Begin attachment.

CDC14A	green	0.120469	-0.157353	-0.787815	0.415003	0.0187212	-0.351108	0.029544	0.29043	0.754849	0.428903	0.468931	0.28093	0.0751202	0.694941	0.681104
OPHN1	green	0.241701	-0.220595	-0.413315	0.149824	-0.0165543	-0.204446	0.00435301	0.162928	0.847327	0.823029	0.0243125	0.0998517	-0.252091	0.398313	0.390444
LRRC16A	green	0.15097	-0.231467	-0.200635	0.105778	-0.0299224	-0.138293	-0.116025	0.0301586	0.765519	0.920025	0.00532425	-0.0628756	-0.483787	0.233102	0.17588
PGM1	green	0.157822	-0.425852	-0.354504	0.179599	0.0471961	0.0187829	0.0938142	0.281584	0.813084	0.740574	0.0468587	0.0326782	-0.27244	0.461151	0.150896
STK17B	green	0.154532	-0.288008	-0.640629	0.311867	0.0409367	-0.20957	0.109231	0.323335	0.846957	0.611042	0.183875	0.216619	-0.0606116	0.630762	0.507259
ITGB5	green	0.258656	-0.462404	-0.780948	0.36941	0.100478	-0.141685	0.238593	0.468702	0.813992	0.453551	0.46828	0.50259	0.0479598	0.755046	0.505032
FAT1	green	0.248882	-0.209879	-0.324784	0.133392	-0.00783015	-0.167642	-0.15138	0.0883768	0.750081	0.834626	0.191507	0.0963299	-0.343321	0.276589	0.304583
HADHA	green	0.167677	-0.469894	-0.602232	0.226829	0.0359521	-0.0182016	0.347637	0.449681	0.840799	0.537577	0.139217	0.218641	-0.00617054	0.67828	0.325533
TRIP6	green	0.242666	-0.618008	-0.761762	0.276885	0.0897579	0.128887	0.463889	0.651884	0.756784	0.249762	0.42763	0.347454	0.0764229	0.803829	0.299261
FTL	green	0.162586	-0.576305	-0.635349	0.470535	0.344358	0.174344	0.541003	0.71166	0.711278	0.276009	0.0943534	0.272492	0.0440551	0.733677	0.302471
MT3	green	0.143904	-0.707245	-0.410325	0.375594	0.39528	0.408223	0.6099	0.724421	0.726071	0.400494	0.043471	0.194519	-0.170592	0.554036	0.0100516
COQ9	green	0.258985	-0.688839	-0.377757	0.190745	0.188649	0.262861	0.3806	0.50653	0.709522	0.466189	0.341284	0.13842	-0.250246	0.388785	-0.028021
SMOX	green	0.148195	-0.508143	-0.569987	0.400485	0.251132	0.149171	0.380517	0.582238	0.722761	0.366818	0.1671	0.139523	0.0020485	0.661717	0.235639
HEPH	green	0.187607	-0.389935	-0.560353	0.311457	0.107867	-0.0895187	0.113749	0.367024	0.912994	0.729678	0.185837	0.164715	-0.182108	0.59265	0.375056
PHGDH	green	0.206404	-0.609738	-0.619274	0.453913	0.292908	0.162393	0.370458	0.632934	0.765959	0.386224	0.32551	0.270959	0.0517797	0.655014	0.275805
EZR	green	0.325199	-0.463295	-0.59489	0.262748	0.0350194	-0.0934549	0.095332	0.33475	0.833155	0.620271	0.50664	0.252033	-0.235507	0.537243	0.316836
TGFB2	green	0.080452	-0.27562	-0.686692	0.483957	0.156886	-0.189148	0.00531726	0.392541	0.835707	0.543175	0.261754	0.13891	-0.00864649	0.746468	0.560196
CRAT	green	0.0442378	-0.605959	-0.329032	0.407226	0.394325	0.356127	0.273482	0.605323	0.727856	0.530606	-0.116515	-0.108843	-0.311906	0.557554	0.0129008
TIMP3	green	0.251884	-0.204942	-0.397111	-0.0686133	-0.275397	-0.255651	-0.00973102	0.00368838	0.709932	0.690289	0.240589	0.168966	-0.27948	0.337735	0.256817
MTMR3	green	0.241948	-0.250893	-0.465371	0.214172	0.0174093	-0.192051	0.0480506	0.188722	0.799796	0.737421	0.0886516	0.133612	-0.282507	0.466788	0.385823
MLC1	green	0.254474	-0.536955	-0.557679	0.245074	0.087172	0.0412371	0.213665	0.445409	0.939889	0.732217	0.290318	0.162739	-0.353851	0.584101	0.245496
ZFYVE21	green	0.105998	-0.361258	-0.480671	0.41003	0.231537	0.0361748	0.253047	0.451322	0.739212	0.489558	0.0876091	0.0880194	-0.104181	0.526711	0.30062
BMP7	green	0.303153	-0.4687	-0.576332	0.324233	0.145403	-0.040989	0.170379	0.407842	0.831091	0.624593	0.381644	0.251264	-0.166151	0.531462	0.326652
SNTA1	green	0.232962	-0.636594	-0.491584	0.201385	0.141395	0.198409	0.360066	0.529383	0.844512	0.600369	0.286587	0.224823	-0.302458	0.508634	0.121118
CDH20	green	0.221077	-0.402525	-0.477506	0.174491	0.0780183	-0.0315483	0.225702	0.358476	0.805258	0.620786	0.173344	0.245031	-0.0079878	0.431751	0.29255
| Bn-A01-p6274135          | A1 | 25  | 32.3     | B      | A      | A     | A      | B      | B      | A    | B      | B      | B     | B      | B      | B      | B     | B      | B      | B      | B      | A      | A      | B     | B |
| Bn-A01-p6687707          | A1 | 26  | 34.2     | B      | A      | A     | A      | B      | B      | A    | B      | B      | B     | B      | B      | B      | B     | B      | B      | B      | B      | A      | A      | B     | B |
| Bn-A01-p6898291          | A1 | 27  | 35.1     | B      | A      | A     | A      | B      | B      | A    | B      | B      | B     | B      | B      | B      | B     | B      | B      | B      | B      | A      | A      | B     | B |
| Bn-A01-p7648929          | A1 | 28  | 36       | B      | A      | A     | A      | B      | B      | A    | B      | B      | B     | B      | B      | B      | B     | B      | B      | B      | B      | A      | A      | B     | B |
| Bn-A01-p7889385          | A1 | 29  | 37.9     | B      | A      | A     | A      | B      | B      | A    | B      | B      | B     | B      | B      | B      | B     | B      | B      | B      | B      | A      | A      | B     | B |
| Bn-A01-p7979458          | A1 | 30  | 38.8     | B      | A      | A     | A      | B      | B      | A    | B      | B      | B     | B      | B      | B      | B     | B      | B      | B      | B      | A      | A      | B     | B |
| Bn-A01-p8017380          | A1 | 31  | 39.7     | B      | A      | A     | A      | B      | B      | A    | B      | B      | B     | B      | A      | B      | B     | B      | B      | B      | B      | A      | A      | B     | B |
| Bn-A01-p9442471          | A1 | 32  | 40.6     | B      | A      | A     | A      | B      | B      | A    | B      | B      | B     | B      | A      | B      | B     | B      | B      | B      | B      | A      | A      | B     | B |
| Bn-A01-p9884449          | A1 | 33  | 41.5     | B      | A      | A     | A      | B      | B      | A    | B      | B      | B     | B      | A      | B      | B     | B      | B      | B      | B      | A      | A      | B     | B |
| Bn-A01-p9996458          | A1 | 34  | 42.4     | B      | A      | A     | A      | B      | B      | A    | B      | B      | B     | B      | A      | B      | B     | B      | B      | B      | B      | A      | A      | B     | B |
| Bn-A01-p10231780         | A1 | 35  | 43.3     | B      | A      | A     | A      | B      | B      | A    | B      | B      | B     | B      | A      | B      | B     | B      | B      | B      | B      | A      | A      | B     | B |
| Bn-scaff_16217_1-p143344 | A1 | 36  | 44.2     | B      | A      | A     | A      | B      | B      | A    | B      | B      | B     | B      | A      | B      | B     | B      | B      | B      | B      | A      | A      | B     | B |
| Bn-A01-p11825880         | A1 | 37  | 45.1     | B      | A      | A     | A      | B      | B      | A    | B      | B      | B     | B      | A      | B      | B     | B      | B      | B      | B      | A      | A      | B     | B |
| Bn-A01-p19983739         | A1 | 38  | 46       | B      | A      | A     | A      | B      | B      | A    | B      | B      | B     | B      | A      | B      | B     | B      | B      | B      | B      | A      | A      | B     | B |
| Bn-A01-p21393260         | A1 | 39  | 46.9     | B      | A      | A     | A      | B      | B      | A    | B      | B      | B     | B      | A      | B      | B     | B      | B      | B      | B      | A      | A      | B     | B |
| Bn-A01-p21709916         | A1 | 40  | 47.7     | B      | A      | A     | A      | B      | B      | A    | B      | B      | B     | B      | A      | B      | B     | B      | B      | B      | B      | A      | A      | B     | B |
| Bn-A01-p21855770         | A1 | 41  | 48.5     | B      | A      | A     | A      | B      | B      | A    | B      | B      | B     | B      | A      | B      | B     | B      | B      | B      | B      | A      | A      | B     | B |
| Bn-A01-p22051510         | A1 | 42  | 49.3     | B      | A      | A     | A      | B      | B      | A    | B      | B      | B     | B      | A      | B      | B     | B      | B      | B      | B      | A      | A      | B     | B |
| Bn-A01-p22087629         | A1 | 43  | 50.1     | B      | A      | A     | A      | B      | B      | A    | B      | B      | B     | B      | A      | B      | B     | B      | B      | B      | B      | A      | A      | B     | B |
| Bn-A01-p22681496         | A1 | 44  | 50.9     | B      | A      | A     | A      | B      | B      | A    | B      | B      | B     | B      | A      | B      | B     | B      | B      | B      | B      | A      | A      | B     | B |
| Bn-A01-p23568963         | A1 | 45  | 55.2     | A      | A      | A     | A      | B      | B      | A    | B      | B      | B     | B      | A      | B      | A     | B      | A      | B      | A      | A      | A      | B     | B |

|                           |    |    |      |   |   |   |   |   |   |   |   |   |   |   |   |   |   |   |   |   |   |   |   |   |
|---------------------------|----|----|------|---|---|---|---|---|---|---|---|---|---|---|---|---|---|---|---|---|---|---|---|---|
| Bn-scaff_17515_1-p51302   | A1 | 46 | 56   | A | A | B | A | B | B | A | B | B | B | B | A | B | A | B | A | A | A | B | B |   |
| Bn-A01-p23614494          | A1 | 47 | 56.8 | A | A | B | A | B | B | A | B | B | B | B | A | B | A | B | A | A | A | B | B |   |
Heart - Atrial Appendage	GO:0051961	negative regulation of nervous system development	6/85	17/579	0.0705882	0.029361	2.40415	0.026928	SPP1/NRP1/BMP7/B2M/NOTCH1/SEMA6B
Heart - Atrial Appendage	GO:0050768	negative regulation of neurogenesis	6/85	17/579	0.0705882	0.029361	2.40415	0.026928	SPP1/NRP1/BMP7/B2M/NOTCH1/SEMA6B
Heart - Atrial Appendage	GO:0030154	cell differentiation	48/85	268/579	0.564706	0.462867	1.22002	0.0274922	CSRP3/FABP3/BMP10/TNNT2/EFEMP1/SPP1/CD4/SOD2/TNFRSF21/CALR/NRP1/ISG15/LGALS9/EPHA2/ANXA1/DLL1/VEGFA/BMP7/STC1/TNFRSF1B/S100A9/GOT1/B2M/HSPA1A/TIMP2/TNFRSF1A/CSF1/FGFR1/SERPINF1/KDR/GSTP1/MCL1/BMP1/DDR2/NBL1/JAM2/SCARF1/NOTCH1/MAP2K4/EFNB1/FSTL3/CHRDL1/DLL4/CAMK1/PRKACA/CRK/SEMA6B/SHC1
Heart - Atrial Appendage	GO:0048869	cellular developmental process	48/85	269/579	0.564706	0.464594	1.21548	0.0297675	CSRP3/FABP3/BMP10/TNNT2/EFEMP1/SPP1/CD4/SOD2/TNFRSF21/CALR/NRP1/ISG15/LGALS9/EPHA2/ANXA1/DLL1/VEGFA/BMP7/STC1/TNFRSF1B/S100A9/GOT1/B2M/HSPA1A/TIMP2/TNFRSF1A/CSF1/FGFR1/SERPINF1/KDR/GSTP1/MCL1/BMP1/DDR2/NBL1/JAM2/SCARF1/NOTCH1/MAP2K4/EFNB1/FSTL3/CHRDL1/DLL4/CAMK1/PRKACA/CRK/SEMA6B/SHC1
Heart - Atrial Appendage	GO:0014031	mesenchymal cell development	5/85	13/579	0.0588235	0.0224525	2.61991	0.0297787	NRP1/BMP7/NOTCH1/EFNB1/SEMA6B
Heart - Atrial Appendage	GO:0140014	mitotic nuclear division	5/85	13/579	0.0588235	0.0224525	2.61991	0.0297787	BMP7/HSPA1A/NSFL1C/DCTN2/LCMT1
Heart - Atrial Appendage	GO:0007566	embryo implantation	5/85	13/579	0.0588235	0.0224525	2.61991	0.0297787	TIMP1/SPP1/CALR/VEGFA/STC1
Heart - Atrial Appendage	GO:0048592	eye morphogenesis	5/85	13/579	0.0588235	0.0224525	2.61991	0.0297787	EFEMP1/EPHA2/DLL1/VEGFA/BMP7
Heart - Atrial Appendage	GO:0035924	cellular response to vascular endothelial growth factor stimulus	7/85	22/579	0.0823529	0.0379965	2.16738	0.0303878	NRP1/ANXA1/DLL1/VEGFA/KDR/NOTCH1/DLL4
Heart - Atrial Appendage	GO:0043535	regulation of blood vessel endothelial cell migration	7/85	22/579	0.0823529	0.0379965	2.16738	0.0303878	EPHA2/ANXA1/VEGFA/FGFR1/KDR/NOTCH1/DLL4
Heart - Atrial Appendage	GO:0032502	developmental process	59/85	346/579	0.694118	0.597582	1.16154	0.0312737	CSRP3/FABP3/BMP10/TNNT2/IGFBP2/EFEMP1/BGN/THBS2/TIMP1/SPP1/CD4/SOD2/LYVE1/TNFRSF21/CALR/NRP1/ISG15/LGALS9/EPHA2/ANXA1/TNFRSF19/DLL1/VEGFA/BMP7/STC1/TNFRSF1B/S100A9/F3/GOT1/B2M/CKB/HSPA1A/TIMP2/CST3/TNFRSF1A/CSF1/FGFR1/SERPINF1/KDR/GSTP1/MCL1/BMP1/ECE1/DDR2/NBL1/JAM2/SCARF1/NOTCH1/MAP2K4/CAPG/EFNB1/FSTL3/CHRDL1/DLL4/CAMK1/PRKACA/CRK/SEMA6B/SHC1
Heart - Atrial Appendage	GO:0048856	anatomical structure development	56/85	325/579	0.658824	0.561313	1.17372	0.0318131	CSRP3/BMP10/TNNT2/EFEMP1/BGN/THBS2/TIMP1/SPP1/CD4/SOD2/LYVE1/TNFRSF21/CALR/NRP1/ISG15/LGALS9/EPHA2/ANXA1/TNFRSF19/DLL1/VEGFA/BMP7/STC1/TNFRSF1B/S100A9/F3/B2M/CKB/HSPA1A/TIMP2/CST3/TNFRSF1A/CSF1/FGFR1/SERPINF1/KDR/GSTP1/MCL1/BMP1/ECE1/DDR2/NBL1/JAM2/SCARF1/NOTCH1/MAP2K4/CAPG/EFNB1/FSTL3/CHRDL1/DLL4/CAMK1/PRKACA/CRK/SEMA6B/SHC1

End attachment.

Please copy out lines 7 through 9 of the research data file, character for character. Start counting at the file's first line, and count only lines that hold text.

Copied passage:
FAT1	green	0.248882	-0.209879	-0.324784	0.133392	-0.00783015	-0.167642	-0.15138	0.0883768	0.750081	0.834626	0.191507	0.0963299	-0.343321	0.276589	0.304583
HADHA	green	0.167677	-0.469894	-0.602232	0.226829	0.0359521	-0.0182016	0.347637	0.449681	0.840799	0.537577	0.139217	0.218641	-0.00617054	0.67828	0.325533
TRIP6	green	0.242666	-0.618008	-0.761762	0.276885	0.0897579	0.128887	0.463889	0.651884	0.756784	0.249762	0.42763	0.347454	0.0764229	0.803829	0.299261